A deciduous shrub of shapely form about 2 ft high. Leaves 2 to 3 in. long, oblong-ovate, blunt or pointed, dark green, of rather soft texture. Flowers pure white, borne in terminal clusters of six to fifteen, covered with appressed down, very fragrant; perianth-lobes oblong-ovate, pointed.
Native of S.W. Russia, described and named in 1847 and introduced to cultivation at Moscow in 1895, but not to England before 1939, in which year T. Hay, then of Hyde Park, obtained a pot-grown plant from Moscow which flowered with him in March 1940 under glass protection but was destroyed shortly after in an air-raid. In his article on this plant (Journ. R.H.S., Vol. 65, p. 150) he described it as a ‘lovely species’. Mr Eliot Hodgkin tells us (1971) that he has young plants of this species from Russia, which have flowered but so far do not justify Tom Hay’s eulogy.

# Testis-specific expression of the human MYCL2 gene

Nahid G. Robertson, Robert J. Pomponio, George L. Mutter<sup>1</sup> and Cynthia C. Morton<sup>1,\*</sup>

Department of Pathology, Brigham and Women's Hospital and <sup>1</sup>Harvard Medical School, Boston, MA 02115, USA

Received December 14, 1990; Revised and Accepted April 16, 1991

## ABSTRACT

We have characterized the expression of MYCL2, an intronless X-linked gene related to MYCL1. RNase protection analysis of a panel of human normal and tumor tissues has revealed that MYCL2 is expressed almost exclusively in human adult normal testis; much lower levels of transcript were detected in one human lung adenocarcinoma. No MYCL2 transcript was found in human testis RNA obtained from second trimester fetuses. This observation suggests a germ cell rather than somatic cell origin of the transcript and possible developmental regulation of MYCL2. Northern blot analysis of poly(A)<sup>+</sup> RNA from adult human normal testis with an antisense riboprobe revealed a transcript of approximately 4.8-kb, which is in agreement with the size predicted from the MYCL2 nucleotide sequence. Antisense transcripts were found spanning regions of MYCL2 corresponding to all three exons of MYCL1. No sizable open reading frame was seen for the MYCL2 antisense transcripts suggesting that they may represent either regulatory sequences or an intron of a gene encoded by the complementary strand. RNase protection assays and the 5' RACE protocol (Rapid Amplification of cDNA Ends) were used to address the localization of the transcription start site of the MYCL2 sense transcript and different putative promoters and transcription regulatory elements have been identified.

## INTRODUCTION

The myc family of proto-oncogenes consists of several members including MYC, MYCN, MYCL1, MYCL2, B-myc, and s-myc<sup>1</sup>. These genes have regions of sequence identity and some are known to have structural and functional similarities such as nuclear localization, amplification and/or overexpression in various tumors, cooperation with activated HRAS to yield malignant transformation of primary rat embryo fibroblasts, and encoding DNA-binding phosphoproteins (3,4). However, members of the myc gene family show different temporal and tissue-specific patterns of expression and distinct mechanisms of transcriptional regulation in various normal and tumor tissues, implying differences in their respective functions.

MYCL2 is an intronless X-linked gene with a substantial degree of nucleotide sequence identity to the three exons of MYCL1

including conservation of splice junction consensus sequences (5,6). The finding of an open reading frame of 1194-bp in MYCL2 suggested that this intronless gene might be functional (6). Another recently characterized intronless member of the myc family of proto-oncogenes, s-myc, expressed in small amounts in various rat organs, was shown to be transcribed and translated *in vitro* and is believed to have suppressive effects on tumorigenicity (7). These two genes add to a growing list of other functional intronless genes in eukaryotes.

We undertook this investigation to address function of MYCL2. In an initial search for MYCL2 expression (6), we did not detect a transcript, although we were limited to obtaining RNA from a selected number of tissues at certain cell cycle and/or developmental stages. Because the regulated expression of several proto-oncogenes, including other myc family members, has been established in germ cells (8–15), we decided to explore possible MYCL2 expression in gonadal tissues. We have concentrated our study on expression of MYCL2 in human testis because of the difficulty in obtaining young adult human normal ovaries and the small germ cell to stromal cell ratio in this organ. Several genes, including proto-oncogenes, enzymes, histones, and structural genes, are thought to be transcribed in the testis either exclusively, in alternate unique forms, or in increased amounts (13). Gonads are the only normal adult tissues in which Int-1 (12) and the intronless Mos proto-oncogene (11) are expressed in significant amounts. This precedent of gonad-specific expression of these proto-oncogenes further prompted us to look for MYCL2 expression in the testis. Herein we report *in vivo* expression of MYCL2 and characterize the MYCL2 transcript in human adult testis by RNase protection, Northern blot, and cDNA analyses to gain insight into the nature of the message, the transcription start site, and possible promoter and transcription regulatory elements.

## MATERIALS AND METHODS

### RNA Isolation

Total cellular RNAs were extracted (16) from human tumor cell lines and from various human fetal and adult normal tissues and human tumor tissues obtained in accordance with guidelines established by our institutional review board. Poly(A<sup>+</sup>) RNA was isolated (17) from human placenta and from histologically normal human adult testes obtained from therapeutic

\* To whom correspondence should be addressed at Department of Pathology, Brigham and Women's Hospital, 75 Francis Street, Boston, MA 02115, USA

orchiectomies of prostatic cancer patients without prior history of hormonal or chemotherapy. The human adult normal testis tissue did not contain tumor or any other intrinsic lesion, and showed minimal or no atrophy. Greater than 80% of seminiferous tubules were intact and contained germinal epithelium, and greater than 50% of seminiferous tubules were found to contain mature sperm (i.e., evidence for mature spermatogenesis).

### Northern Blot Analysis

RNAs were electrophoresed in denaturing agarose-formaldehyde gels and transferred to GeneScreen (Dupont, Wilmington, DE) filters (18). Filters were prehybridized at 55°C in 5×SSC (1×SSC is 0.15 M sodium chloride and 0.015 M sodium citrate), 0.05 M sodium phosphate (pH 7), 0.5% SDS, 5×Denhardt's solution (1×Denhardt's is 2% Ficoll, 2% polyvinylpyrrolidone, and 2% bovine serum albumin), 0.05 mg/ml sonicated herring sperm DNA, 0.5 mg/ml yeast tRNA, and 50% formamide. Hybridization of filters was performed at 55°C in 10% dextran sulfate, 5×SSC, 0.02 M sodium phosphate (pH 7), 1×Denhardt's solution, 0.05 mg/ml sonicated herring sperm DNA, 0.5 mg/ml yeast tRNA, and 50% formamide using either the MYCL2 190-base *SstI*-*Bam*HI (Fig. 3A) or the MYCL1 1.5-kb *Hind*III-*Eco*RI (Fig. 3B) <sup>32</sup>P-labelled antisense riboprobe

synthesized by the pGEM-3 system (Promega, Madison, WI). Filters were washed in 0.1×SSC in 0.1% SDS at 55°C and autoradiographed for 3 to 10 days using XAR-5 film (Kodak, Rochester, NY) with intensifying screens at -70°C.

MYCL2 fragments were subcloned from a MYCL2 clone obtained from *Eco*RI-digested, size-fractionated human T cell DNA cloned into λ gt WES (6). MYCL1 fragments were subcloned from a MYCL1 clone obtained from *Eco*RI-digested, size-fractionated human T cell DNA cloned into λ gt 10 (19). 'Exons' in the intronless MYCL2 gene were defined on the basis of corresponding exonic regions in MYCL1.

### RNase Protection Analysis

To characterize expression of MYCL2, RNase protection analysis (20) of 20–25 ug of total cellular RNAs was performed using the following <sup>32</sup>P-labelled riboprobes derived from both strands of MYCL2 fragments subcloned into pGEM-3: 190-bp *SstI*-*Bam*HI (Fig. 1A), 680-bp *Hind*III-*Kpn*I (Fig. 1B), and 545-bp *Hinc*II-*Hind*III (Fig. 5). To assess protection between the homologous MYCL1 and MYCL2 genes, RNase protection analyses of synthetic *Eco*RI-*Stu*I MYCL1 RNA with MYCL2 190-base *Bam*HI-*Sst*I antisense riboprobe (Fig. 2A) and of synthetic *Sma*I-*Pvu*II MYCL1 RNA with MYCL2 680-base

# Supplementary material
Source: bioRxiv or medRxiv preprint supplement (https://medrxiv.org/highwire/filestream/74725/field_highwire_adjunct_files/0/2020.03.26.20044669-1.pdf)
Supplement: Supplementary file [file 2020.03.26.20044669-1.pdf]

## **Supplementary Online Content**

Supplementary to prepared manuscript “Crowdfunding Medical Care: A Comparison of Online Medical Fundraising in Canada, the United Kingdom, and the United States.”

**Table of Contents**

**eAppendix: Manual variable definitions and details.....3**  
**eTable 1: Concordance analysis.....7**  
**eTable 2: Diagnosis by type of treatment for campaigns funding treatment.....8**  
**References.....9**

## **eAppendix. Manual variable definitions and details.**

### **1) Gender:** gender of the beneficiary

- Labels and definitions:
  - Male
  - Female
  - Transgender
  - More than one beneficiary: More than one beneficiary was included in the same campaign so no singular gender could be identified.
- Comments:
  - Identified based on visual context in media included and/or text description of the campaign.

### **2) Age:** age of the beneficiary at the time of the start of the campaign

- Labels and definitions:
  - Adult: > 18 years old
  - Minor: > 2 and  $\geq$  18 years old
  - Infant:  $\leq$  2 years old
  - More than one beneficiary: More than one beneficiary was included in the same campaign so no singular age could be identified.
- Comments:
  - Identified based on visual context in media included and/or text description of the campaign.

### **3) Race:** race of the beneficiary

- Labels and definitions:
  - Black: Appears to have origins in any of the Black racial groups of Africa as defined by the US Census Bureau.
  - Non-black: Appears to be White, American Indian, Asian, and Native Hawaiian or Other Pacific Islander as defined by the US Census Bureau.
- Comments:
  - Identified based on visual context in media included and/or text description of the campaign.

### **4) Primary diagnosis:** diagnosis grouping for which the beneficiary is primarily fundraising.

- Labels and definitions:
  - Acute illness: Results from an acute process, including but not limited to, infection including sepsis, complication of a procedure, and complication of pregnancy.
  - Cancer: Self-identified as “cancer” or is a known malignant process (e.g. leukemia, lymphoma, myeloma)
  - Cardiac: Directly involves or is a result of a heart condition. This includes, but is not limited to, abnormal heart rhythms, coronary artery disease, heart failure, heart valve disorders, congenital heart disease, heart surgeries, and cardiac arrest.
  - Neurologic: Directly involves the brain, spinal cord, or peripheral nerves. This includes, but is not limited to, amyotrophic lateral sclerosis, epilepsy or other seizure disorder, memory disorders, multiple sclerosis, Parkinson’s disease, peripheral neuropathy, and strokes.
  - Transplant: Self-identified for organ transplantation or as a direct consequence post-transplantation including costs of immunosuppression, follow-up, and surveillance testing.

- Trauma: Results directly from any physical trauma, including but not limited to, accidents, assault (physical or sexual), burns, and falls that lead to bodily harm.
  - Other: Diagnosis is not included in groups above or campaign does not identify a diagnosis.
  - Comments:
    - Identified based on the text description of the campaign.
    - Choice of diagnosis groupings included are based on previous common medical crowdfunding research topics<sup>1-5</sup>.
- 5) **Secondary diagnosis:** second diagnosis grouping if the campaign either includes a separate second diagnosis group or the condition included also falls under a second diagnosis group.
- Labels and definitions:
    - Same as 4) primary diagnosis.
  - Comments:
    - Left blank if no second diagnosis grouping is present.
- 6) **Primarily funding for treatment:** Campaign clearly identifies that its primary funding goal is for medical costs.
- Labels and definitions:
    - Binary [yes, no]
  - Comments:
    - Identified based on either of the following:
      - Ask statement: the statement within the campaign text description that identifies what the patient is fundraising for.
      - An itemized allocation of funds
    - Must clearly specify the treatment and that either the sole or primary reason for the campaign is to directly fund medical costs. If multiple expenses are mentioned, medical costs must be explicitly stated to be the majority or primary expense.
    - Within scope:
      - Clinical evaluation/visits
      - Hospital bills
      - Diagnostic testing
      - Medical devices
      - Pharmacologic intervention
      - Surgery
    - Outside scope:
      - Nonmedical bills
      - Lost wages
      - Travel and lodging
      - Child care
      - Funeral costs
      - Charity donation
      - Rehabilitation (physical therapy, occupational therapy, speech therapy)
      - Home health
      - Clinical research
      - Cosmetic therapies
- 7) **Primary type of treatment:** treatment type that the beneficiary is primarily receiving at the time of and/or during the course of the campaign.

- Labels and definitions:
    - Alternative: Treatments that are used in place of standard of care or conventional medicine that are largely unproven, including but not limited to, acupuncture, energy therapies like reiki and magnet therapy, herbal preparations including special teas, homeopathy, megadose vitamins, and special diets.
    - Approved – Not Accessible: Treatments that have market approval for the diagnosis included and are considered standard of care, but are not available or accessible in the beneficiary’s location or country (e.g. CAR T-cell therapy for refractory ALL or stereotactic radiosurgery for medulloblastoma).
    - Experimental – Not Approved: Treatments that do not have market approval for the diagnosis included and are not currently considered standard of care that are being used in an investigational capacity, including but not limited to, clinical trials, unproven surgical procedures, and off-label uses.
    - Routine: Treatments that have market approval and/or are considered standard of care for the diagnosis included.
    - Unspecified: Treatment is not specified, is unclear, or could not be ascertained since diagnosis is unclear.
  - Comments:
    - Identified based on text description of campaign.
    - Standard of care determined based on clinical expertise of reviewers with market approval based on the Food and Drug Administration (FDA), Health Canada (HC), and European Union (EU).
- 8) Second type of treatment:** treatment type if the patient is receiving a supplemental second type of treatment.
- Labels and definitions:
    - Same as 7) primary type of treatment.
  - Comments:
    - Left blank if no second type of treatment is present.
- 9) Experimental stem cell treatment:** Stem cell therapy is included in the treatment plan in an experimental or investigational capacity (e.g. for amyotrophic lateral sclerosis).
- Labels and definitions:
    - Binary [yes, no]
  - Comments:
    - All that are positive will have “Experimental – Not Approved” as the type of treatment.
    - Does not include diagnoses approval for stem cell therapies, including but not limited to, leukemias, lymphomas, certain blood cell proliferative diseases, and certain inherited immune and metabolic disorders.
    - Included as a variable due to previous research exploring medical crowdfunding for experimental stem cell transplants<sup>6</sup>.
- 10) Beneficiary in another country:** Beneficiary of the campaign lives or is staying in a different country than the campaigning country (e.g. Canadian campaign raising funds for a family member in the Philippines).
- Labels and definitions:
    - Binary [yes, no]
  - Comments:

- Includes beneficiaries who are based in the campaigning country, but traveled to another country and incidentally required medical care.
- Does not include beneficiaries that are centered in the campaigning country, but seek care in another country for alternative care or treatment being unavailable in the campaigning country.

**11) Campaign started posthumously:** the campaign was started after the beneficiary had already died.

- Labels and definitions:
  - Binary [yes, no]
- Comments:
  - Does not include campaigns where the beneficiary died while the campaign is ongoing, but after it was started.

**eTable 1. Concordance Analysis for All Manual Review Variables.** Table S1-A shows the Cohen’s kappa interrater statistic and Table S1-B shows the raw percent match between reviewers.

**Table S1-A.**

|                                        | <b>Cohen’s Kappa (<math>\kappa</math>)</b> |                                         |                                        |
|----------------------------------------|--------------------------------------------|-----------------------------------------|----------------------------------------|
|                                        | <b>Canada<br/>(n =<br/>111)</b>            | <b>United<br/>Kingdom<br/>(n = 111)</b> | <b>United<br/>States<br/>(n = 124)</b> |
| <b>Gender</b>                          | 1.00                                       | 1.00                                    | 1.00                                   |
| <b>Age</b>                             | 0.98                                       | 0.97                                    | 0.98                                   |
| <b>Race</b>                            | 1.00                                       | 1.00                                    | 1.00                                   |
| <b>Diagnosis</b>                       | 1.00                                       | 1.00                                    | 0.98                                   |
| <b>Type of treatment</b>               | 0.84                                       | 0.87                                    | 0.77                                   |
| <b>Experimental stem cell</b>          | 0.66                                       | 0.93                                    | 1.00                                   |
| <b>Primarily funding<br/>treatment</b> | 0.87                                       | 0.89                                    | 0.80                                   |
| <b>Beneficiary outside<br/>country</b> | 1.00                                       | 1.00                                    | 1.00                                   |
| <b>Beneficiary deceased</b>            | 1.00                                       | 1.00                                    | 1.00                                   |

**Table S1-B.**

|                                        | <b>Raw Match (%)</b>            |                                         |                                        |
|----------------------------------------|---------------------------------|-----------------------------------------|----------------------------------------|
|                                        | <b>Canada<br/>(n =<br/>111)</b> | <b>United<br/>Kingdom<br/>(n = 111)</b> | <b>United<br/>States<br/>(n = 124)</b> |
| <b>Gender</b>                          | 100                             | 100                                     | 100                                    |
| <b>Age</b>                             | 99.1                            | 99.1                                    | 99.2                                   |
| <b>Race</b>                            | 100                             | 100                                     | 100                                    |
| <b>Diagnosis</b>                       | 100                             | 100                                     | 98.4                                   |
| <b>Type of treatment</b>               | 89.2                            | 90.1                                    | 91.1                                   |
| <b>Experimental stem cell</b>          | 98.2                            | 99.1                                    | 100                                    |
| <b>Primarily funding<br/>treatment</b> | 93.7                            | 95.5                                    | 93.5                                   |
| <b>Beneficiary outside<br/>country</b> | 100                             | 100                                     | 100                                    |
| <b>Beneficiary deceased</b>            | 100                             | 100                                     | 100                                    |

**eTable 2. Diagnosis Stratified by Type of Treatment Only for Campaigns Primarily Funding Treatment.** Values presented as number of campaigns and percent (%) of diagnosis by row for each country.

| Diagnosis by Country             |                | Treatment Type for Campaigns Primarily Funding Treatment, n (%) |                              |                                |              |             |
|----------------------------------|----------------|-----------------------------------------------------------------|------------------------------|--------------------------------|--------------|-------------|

Daphne sophia is closely allied to D. altaica, though now separated from it by some two thousand miles of steppe and desert. Both species, and D. caucasica, probably derive from an ancestral stock of more continuous distribution that became fragmented during the Ice Age. D. sophia is also of note as one of an interesting contingent of plants found on limestone hills at the south-eastern end of the mid-Russian Plateau, in the region where the provinces of Voronezh, Kursk and Belgorod adjoin. They are believed to be relics of the late Tertiary, having persisted in situ throughout the Ice Age. Another member of this flora is a race of Pinus sylvestris to which Kalenichenko gave specific status as P. cretacea. The daphne grows in the now decimated stands of this pine and also in light oak woodland; it is intolerant of dense shade. See also D.julia (mentioned under D. cneorum).